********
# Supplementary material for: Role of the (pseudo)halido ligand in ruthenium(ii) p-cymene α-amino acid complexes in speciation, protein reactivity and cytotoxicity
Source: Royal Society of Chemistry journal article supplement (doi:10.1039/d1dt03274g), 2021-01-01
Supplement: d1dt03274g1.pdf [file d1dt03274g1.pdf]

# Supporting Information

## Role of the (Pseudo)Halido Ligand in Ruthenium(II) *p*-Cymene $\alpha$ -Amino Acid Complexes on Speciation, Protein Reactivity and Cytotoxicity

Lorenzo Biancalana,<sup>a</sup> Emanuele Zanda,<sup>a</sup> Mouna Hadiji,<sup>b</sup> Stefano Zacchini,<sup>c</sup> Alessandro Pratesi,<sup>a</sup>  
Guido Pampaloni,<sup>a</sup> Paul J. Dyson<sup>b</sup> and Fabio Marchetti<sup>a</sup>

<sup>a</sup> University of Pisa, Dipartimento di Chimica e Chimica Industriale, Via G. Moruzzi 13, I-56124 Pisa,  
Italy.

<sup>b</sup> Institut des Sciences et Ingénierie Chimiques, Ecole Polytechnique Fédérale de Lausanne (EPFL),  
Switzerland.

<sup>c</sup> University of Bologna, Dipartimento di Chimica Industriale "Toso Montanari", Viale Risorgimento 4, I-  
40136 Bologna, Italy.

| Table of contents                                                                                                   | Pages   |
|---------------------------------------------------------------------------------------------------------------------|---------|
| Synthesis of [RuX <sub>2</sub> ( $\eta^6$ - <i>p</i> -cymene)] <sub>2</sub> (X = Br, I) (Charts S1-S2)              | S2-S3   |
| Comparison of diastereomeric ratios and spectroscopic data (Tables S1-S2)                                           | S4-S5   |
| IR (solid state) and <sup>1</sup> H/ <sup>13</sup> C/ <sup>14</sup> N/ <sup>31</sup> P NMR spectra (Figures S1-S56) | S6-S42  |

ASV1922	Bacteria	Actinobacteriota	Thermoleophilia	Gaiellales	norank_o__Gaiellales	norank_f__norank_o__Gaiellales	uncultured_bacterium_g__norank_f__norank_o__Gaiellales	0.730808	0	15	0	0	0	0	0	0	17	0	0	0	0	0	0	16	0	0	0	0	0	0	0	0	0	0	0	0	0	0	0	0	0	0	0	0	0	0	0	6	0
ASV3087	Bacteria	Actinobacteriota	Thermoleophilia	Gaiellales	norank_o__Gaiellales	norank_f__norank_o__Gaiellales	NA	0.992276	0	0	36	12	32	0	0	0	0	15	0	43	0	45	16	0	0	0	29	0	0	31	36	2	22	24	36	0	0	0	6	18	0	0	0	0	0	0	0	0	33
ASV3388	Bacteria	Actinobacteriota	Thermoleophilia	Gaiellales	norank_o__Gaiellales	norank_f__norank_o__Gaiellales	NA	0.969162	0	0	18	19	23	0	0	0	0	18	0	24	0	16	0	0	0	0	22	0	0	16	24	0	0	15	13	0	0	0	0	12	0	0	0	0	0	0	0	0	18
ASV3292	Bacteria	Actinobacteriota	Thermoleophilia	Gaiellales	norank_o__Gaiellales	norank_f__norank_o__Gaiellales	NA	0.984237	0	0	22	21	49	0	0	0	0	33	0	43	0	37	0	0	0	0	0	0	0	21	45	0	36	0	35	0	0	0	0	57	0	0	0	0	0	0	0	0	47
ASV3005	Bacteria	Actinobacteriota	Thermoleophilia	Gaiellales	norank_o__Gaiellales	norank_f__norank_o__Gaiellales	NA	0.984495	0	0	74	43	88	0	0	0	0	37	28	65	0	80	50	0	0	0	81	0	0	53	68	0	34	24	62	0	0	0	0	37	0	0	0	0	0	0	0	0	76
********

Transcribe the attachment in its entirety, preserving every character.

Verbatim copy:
# Supplementary material for: Role of the (pseudo)halido ligand in ruthenium(ii) p-cymene α-amino acid complexes in speciation, protein reactivity and cytotoxicity
Source: Royal Society of Chemistry journal article supplement (doi:10.1039/d1dt03274g), 2021-01-01
Supplement: d1dt03274g1.pdf [file d1dt03274g1.pdf]

# Supporting Information

## Role of the (Pseudo)Halido Ligand in Ruthenium(II) *p*-Cymene $\alpha$ -Amino Acid Complexes on Speciation, Protein Reactivity and Cytotoxicity

Lorenzo Biancalana,<sup>a</sup> Emanuele Zanda,<sup>a</sup> Mouna Hadiji,<sup>b</sup> Stefano Zacchini,<sup>c</sup> Alessandro Pratesi,<sup>a</sup>  
Guido Pampaloni,<sup>a</sup> Paul J. Dyson<sup>b</sup> and Fabio Marchetti<sup>a</sup>

<sup>a</sup> University of Pisa, Dipartimento di Chimica e Chimica Industriale, Via G. Moruzzi 13, I-56124 Pisa,  
Italy.

<sup>b</sup> Institut des Sciences et Ingénierie Chimiques, Ecole Polytechnique Fédérale de Lausanne (EPFL),  
Switzerland.

<sup>c</sup> University of Bologna, Dipartimento di Chimica Industriale "Toso Montanari", Viale Risorgimento 4, I-  
40136 Bologna, Italy.

| Table of contents                                                                                                   | Pages   |
|---------------------------------------------------------------------------------------------------------------------|---------|
| Synthesis of [RuX <sub>2</sub> ( $\eta^6$ - <i>p</i> -cymene)] <sub>2</sub> (X = Br, I) (Charts S1-S2)              | S2-S3   |
| Comparison of diastereomeric ratios and spectroscopic data (Tables S1-S2)                                           | S4-S5   |
| IR (solid state) and <sup>1</sup> H/ <sup>13</sup> C/ <sup>14</sup> N/ <sup>31</sup> P NMR spectra (Figures S1-S56) | S6-S42  |

ASV1922	Bacteria	Actinobacteriota	Thermoleophilia	Gaiellales	norank_o__Gaiellales	norank_f__norank_o__Gaiellales	uncultured_bacterium_g__norank_f__norank_o__Gaiellales	0.730808	0	15	0	0	0	0	0	0	17	0	0	0	0	0	0	16	0	0	0	0	0	0	0	0	0	0	0	0	0	0	0	0	0	0	0	0	0	0	0	6	0
ASV3087	Bacteria	Actinobacteriota	Thermoleophilia	Gaiellales	norank_o__Gaiellales	norank_f__norank_o__Gaiellales	NA	0.992276	0	0	36	12	32	0	0	0	0	15	0	43	0	45	16	0	0	0	29	0	0	31	36	2	22	24	36	0	0	0	6	18	0	0	0	0	0	0	0	0	33
ASV3388	Bacteria	Actinobacteriota	Thermoleophilia	Gaiellales	norank_o__Gaiellales	norank_f__norank_o__Gaiellales	NA	0.969162	0	0	18	19	23	0	0	0	0	18	0	24	0	16	0	0	0	0	22	0	0	16	24	0	0	15	13	0	0	0	0	12	0	0	0	0	0	0	0	0	18
ASV3292	Bacteria	Actinobacteriota	Thermoleophilia	Gaiellales	norank_o__Gaiellales	norank_f__norank_o__Gaiellales	NA	0.984237	0	0	22	21	49	0	0	0	0	33	0	43	0	37	0	0	0	0	0	0	0	21	45	0	36	0	35	0	0	0	0	57	0	0	0	0	0	0	0	0	47
ASV3005	Bacteria	Actinobacteriota	Thermoleophilia	Gaiellales	norank_o__Gaiellales	norank_f__norank_o__Gaiellales	NA	0.984495	0	0	74	43	88	0	0	0	0	37	28	65	0	80	50	0	0	0	81	0	0	53	68	0	34	24	62	0	0	0	0	37	0	0	0	0	0	0	0	0	76